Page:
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In 1999, one in five (21 percent) of elderly individuals filled a prescription for a drug that in general should be avoided in patients aged 65 and older. In addition, nearly half (44 percent) of these prescriptions were for drugs that carry a substantial risk of adverse effects in elderly patients, according to a study supported by the Agency for Healthcare Research and Quality through the Centers for Education and Research on Therapeutics (HS10385) program. The researchers used an outpatient prescription claims database to identify prescriptions filled for commercially insured patients aged 65 and older in 1999.
More than 15 percent of the patients filled prescriptions for two drugs of concern, and 4 percent filled prescriptions for three or more drugs of concern within the same year. Nearly 28 percent of the patients filled a prescription for a psychotropic drug (16 percent filled at least one prescription for the antidepressant, amitriptyline), and 5 percent filled a prescription for a neuromuscular agent (of these, 14 percent filled a prescription for cyclobenzaprine). Both of these drug classes are considered problematic for use in elderly patients.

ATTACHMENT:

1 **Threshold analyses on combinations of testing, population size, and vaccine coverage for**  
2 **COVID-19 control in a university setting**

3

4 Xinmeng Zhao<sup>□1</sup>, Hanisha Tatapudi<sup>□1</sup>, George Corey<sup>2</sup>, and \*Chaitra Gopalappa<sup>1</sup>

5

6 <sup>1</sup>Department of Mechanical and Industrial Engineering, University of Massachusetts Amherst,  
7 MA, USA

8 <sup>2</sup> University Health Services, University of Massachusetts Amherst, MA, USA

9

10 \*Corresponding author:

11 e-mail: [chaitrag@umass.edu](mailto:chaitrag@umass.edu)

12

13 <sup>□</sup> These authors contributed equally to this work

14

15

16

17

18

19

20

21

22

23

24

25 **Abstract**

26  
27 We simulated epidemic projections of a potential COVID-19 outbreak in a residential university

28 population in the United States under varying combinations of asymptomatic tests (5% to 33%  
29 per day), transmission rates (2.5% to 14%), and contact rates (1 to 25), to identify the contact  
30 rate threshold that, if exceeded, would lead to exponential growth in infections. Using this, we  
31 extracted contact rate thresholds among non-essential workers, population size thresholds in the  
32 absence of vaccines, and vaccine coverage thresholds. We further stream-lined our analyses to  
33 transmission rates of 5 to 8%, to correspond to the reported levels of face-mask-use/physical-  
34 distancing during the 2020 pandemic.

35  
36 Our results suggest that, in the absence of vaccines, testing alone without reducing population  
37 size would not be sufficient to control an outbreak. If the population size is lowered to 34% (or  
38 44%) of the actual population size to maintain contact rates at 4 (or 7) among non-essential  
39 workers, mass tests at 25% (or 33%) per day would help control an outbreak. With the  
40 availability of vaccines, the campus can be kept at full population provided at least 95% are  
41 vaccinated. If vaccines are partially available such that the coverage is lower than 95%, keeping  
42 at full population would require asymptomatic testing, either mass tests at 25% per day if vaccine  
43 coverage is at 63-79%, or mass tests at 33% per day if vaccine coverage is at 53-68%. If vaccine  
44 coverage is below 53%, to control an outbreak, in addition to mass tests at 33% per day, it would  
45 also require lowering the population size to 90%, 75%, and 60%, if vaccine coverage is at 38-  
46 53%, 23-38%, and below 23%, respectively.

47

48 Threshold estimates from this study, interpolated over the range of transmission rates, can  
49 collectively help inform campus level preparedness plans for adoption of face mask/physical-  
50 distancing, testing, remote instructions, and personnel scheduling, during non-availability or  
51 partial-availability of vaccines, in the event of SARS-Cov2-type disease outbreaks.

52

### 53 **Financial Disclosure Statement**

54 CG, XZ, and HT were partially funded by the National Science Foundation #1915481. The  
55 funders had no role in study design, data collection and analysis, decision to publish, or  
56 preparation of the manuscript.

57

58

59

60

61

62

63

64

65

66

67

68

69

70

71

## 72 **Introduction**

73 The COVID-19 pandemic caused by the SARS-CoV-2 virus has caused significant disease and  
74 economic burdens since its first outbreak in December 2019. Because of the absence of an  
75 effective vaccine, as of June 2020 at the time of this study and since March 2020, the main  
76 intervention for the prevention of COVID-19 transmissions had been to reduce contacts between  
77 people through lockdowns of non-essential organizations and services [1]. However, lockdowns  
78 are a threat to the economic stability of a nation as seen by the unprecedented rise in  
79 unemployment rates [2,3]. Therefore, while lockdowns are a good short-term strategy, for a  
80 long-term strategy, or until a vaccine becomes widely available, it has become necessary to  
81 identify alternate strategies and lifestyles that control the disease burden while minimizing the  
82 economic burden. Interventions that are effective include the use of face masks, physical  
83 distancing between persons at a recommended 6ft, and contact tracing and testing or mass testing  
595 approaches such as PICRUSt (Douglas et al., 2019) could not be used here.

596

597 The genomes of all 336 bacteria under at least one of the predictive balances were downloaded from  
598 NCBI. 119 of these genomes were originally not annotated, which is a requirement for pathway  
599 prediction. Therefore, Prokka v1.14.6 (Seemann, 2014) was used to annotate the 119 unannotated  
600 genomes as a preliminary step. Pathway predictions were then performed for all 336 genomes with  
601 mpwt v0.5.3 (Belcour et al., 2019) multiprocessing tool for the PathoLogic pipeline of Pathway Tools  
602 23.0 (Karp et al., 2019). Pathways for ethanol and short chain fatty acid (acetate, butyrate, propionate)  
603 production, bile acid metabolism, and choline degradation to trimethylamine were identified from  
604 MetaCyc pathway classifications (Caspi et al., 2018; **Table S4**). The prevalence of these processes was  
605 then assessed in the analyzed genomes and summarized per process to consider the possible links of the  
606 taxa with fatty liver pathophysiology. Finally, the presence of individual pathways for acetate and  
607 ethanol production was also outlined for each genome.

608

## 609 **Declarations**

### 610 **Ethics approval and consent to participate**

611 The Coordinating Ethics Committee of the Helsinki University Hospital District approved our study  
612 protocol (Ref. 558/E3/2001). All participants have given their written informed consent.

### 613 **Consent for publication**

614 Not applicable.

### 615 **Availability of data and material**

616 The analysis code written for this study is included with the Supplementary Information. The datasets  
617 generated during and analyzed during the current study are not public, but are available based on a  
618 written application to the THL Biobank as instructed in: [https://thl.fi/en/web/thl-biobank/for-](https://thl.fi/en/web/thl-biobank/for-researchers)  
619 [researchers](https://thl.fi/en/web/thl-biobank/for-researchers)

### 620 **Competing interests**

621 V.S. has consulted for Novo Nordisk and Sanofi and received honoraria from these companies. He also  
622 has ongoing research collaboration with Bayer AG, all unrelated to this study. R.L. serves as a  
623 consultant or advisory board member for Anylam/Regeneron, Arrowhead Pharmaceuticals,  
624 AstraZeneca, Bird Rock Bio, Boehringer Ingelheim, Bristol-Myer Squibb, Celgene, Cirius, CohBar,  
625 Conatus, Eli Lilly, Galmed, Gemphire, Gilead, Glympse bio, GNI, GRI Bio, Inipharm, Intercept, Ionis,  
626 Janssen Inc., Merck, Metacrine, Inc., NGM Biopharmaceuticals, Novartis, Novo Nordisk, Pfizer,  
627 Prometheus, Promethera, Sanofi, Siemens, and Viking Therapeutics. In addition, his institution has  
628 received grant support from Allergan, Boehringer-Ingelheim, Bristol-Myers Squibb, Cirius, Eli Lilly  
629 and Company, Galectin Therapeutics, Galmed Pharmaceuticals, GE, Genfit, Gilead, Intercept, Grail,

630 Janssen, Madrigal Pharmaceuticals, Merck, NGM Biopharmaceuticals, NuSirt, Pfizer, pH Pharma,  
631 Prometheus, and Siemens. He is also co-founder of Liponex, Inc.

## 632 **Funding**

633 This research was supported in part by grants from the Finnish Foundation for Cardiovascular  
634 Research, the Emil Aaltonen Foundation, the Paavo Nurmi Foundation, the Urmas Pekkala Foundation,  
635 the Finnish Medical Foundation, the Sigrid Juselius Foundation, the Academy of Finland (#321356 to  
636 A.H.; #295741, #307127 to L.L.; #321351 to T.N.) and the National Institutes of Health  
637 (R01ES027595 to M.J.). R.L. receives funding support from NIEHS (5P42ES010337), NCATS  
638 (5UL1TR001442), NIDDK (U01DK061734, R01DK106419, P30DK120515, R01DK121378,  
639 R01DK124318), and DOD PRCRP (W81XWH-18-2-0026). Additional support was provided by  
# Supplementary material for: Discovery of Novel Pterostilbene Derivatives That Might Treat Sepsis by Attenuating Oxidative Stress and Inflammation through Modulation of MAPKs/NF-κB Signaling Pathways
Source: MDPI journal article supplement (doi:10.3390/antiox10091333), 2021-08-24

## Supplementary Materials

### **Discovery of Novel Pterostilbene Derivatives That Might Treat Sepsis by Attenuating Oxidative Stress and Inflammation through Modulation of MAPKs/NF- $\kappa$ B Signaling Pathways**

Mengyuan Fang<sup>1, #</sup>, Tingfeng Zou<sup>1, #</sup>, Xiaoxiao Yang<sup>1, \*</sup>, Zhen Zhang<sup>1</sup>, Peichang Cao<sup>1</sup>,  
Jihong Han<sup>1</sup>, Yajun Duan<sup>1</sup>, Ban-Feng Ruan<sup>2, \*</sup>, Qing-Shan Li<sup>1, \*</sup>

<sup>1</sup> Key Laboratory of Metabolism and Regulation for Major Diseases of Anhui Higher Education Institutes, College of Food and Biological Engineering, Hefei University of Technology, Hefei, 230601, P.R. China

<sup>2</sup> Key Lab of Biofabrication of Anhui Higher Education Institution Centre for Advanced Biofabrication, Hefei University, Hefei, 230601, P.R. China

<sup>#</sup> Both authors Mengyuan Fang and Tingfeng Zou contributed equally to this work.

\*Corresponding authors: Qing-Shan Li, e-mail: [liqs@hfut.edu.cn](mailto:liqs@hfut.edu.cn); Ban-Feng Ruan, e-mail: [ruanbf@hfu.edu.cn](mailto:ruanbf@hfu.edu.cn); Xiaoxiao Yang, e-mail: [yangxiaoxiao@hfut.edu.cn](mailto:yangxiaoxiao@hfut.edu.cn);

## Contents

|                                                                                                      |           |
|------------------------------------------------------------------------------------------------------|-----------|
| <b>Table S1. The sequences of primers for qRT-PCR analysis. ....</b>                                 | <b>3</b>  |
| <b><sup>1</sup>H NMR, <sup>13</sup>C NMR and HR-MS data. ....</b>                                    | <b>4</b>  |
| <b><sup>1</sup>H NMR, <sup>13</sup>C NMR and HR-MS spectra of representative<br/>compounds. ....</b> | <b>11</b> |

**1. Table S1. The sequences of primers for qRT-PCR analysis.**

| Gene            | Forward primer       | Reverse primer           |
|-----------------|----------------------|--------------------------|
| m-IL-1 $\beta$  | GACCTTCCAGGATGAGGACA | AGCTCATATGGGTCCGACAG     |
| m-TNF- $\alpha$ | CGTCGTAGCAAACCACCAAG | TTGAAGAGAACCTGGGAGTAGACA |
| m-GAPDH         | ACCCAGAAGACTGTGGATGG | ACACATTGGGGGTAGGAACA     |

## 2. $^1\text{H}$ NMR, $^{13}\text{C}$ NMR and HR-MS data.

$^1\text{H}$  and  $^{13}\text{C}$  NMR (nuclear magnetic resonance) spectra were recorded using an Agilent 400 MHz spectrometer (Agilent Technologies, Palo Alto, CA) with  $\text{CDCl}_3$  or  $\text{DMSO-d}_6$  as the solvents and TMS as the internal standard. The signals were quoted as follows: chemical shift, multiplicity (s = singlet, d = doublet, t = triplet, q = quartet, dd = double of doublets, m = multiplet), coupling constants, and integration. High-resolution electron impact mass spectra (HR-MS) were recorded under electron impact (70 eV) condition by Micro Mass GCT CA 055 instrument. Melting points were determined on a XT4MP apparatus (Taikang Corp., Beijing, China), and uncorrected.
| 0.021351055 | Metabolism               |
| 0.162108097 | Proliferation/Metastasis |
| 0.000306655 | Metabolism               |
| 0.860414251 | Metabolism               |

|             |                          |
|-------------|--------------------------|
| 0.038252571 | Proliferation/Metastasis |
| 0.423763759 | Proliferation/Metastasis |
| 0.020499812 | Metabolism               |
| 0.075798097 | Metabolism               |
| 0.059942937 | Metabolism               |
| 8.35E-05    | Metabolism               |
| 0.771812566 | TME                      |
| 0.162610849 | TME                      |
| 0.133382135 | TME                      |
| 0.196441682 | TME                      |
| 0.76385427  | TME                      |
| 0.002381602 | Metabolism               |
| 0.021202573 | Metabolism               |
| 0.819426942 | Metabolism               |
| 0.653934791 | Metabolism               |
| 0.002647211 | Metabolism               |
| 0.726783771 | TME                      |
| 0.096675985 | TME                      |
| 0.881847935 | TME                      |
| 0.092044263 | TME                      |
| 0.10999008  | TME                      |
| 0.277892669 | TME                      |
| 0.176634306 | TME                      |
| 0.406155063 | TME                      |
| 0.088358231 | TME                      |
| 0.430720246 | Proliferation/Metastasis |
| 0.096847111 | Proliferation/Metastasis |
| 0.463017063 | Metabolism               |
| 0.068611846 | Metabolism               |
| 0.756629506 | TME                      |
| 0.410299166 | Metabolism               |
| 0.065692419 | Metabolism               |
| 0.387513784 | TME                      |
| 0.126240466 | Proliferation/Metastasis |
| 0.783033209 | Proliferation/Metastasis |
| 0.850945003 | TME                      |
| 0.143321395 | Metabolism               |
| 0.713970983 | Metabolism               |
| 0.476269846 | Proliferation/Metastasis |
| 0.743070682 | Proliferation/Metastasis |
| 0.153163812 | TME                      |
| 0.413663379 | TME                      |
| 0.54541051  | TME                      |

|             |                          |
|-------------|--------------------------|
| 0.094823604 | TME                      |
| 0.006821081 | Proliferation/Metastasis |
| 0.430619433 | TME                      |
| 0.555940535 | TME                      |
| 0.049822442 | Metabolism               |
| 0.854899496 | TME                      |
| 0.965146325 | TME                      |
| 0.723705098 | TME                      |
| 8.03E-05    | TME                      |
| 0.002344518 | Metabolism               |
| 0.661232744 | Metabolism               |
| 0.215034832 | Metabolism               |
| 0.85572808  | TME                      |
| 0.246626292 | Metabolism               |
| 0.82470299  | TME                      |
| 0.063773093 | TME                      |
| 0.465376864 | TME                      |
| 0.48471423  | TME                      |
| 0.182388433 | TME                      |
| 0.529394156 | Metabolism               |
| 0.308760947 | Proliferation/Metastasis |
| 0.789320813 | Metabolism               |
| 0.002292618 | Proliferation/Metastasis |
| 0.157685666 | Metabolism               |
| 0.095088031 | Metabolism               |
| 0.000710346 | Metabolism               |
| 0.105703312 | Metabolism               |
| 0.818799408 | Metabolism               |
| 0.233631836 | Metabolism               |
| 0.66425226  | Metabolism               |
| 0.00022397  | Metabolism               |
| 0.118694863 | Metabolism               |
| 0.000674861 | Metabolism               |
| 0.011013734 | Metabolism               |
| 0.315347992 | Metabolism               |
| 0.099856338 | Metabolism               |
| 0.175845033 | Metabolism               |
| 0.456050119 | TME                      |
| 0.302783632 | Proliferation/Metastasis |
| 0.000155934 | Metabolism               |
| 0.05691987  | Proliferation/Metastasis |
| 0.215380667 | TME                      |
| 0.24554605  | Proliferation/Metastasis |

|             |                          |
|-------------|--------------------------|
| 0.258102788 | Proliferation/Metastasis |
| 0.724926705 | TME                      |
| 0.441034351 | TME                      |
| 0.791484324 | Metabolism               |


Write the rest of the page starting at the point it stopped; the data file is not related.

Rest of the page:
To improve drug prescribing for the elderly, the researchers suggest that clinical trials should be designed to encourage enrollment of elderly patients, use of pharmaceutical claims databases for identifying patients with claims for drugs of concern, and monitoring problems over time to quantify the hazards associated with use of these drugs in older patients. They also encourage use of systems and technologies that support optimal prescribing behavior, such as computerized physician order entry with decision support and personal digital assistants.
See "Inappropriate prescribing for elderly Americans in a large outpatient population," by Lesley H. Curtis, Ph.D., Truls Ostbye, M.D., Ph.D., Veronica Sendersky, Pharm.D., and others, in the August 2004 Archives of Internal Medicine 154, pp. 1621-1625.
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